PANHANDLE PERSPECTIVES: Calving 101 – for those not directly involved in agriculture

Karla Wilke, Cow-Calf Systems and Stocker Management Specialist, UNL Panhandle Research, Extension and Education Center, Scottsbluff

Karla Wilke works around cows full-time, as the cow-calf systems and stocker management specialist at the UNL Panhandle Research and Extension Center at Scottsbluff. She was raised around cattle in the Texas Panhandle and currently assists her husband with a cow-calf operation near Kimball, Nebraska.

Whether or not we work in agriculture, in rural Nebraska and other farming and ranching areas, agriculture provides us with some of the first signs of spring. We have all smiled at newborn baby calves bucking, head butting each other, and running with their tails sticking straight out.

But those who aren’t farmers or ranchers, or otherwise involved in agriculture, might wonder what “calving season” is and why it is such a big deal to the men and women of agriculture. Driving by those playing calves, they might not realize all that goes into making sure those babies get a good, healthy start.

Calving season brings more intense work to the ranchers – in addition to what they have been doing all winter, like feeding the cattle, chipping and pitching ice off tanks, making sure the cattle have windbreaks, and at times bedding. Cows have to be checked more regularly for signs of going into labor. This is especially true for heifers, young cows expecting their first calf.

This often means someone has to check them every two hours through the night as well as in the daytime. Many cattle producers are married couples and they usually split the night shifts and work together on the day shifts. This is where the old saying comes from: “Couples don’t need marriage counseling, they just need to work cattle together and figure out what the real issues are right there”.

Weather is seldom the cattleman’s friend in the Great Plains, where the majority of the cattle are raised. Spring is especially volatile and can bring temperature swings from mild, sunny 40-degree days to frigid wind chills of minus-20 degrees Fahrenheit and blizzards. Those responsible for the cattle have to feed and care for the cattle either way.

The positive side of a minus-20-degree wind chill is that two Carhartt coats on top of coveralls make all of us look fat, and if an upset mama cow hits you for getting too close to her baby, there is a lot of padding there to cushion the hit. Additionally, if you have to scale the fence in this attire plus insulated muck boots, you can skip going to the gym today.

Newborn calves are usually given an ear tag to identify who the mother is, possibly a vaccine, and may be moved with their cow to a “pair” pen away from the cows who have not calved. Most cows will deliver their calves unassisted, but if the weather is especially cold, the newborn calf may need to be temporarily removed from the cow and rapidly warmed up in a warmer box, a water bath, or through other means. A calf should have a body temperature of 101 degrees. A calf whose body temperature drops below 86 degrees will die without intervention.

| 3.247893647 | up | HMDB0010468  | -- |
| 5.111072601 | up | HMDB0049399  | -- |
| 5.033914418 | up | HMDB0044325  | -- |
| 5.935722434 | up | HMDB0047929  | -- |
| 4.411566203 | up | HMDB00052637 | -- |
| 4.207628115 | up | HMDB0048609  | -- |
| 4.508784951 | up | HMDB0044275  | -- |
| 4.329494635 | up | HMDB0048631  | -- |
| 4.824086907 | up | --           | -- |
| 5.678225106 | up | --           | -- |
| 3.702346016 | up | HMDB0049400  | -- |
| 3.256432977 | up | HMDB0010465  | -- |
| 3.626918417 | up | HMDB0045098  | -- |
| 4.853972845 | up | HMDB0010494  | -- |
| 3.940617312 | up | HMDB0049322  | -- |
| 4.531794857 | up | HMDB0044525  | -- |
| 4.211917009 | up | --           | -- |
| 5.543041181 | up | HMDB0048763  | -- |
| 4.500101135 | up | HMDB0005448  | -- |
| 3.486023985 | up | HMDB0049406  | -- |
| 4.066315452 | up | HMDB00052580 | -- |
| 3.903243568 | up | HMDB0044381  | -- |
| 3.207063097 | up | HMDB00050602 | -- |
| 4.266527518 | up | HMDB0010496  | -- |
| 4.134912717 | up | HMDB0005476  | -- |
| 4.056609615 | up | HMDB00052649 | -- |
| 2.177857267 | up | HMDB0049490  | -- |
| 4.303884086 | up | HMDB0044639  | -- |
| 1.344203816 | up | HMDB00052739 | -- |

If a blizzard or an arctic blast hits during calving, typically everyone in the operation finds themselves checking cows, attending babies, running towels through the laundry for the next wave of wet babies, or whatever else needs to be done. The kitchen is often taken over by cold baby calves.

Cattle production is both a science and an art and producers are very knowledgeable about best-management practices necessary for a healthy cow and calf. A cow may need assistance delivering the caIf if she is not making progress in a reasonable amount of time. This is a messy process, which typically leaves the person assisting the cow covered in afterbirth fluid - which does not smell like perfume.

My husband told me once about taking a girl on a date and having to deliver a calf on the date. He said he never saw her again after that day. Looking at the dried afterbirth on my coveralls, the cow poop splattered in my hair, and feeling the sticky colostrum on my fingers, it dawned on me that my stunning good looks and charming personality were likely not actually what earned me the Mrs. in front of my name.

Calves get their immunity through colostrum, the first milk a cow produces when a calf is born, which must be received as soon as possible after birth. If the calf is slow to get up and nurse, the producer has to assist the calf with nursing or supplement the calf with a powdered colostrum supplement. Farmers and ranchers spend a lot of time observing all the calves to make sure they are nursing and bonding well with their cow.

Young calves can be especially susceptible to illness the first two months of life. The weather, and the environment it creates, are hard-to-control factors that can aggravate illness in young calves. Therefore, producers keep a vigilant eye on each calf to catch any signs of illness early and treat the calf appropriately for the best chances of a quick and complete recovery.

The hours are long and the work is hard, but the rewards are great. Seeing a healthy calf crop running, bucking, and growing makes each exhausted cattle producer look forward to next year and ready to take on whatever challenges the weather and the markets bring. So next time you drive by a pasture of frolicking calves, think about the people behind the scenes who quietly oversee the dawn of new birth every year.